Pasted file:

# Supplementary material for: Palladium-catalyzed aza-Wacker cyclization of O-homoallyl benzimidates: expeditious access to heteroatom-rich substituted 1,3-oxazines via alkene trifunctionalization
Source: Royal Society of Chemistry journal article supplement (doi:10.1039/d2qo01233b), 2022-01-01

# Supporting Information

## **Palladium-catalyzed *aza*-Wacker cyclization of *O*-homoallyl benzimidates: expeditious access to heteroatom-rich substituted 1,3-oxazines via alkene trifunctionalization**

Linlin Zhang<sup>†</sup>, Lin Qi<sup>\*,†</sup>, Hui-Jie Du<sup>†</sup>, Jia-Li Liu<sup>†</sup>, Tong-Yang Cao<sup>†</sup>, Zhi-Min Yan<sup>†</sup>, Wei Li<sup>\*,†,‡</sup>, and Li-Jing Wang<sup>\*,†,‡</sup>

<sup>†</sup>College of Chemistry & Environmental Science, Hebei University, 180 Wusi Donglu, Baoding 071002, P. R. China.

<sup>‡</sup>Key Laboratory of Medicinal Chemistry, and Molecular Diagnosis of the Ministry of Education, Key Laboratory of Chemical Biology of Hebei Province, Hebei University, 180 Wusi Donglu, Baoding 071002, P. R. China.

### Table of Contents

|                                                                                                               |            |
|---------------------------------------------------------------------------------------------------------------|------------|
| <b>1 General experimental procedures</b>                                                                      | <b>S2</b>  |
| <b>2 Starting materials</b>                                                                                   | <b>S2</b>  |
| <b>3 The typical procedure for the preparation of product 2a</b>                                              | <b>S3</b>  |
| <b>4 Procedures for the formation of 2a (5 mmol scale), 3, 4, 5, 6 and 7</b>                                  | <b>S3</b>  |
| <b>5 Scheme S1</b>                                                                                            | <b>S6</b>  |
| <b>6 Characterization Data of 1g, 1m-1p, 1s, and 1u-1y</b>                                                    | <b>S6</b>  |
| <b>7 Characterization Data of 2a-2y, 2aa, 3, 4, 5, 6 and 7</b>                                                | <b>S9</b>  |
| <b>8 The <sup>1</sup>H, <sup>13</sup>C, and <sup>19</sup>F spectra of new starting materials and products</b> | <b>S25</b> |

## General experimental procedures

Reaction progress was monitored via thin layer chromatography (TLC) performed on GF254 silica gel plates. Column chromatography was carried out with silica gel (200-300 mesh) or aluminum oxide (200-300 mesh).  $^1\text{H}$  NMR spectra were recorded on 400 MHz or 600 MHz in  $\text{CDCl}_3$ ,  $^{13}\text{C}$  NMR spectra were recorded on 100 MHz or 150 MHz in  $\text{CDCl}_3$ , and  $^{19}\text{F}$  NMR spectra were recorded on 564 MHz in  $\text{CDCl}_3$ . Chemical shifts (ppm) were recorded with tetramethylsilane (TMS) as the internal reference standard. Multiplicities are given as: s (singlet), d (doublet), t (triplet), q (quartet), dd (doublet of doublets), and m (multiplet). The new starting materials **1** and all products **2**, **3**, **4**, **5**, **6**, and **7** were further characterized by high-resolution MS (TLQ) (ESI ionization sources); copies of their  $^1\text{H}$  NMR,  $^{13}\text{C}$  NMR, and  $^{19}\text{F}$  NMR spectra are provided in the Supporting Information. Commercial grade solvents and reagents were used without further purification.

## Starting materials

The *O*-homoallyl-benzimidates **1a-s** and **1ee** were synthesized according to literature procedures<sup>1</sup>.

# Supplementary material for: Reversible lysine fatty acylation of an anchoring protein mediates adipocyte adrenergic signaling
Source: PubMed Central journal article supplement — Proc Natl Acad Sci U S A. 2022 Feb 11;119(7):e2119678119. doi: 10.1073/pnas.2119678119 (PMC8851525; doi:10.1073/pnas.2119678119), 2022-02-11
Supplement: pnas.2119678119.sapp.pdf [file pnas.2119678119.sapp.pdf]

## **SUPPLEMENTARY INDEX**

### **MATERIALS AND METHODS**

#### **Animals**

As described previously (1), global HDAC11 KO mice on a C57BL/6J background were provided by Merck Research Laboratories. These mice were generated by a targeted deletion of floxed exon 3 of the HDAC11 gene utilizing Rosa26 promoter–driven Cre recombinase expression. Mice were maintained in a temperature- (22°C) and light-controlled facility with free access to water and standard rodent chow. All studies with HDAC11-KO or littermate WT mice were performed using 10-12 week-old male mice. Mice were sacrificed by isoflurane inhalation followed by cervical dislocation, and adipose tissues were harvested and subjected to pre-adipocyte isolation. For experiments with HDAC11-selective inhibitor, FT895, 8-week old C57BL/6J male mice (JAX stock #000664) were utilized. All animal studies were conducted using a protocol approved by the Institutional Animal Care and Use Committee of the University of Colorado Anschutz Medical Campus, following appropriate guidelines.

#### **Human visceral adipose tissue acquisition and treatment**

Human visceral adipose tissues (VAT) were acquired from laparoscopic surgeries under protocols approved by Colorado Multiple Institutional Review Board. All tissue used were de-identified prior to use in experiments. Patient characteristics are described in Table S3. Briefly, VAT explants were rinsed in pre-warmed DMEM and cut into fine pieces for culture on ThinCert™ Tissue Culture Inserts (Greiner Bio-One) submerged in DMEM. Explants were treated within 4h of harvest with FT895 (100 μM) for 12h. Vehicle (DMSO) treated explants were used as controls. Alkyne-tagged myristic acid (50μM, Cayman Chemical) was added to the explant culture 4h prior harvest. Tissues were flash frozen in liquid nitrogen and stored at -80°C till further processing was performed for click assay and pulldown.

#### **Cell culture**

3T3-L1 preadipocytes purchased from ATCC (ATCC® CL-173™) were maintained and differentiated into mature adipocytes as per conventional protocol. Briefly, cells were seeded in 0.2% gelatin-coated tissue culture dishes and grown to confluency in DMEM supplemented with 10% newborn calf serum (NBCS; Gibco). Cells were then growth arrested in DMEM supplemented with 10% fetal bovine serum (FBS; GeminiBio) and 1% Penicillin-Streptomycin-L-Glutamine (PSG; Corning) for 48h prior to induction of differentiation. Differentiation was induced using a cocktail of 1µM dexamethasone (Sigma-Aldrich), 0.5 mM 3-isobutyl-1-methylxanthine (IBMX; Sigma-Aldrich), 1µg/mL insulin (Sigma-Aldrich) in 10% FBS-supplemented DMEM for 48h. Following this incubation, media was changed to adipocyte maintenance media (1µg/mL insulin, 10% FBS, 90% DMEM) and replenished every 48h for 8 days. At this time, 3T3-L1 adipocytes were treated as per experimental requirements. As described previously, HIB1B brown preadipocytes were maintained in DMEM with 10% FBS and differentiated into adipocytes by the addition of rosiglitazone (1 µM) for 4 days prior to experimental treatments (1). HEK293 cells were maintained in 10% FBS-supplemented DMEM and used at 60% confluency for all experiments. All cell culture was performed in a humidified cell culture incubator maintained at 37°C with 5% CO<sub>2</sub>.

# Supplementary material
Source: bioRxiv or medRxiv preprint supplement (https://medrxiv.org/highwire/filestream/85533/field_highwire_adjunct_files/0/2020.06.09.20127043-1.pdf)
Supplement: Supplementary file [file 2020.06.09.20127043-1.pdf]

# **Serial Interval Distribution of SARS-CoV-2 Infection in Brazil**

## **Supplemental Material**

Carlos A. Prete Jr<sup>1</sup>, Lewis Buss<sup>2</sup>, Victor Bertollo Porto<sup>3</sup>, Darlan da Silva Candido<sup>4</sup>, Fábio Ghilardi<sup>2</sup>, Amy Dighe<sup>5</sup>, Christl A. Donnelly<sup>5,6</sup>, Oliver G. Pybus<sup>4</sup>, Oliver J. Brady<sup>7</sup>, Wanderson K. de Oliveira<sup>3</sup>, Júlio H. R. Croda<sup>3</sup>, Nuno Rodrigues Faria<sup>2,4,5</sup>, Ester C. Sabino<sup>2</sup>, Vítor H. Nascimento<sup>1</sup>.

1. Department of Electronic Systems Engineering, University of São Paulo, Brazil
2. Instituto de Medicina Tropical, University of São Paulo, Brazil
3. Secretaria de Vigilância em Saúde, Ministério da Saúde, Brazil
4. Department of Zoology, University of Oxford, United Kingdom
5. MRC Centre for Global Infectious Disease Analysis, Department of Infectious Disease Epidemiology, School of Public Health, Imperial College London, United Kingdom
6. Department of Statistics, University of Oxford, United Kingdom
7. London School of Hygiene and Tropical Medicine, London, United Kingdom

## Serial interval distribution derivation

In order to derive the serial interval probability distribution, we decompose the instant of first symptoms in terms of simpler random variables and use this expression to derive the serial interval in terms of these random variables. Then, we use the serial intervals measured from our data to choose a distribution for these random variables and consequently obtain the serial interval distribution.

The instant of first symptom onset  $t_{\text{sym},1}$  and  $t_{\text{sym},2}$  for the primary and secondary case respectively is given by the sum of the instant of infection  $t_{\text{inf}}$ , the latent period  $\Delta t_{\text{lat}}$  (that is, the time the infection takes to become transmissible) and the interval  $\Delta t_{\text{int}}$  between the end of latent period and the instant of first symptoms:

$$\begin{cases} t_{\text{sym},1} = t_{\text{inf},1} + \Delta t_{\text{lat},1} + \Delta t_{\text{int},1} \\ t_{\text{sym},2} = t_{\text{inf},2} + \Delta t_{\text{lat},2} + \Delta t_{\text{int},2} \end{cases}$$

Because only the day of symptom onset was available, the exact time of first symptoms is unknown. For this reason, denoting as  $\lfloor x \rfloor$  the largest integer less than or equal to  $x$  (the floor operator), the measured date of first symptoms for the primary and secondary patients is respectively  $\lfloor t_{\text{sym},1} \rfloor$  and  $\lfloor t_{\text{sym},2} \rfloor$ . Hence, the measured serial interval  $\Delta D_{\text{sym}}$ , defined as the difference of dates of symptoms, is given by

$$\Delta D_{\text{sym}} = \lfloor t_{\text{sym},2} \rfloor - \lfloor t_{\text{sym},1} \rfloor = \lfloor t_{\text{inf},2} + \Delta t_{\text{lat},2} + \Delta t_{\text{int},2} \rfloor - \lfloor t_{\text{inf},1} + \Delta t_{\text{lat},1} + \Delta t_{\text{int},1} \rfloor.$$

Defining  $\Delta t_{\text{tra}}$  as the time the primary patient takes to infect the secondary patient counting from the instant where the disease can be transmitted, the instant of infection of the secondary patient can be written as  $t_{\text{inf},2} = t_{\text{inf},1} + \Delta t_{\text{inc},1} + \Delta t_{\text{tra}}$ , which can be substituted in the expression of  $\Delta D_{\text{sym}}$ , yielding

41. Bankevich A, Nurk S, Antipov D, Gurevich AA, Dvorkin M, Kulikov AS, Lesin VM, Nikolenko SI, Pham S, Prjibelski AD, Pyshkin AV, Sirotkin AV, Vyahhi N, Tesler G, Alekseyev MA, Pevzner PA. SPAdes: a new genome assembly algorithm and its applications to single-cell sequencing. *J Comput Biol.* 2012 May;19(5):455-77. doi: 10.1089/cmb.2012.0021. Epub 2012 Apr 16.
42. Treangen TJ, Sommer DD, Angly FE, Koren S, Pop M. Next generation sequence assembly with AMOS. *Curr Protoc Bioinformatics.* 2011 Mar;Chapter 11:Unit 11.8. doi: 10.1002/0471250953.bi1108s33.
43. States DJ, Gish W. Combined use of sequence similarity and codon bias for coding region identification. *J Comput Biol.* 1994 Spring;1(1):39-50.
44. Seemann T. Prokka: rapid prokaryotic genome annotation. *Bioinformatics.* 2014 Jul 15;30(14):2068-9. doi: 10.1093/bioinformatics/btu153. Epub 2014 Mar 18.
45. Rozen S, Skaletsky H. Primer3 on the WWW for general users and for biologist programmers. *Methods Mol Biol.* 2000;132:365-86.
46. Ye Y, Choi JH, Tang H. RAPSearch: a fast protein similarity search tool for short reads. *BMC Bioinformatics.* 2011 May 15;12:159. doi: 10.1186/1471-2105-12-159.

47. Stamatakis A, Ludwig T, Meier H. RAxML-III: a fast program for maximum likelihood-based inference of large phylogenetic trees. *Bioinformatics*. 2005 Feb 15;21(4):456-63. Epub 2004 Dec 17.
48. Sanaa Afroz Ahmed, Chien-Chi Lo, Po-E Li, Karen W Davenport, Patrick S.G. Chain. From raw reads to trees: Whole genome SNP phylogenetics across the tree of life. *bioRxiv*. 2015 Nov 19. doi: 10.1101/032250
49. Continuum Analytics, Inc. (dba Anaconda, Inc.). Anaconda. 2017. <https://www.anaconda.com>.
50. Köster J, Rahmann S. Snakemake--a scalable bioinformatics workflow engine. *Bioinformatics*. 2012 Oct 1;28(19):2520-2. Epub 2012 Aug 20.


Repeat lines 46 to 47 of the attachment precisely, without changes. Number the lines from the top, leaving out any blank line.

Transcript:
7. London School of Hygiene and Tropical Medicine, London, United Kingdom

## Serial interval distribution derivation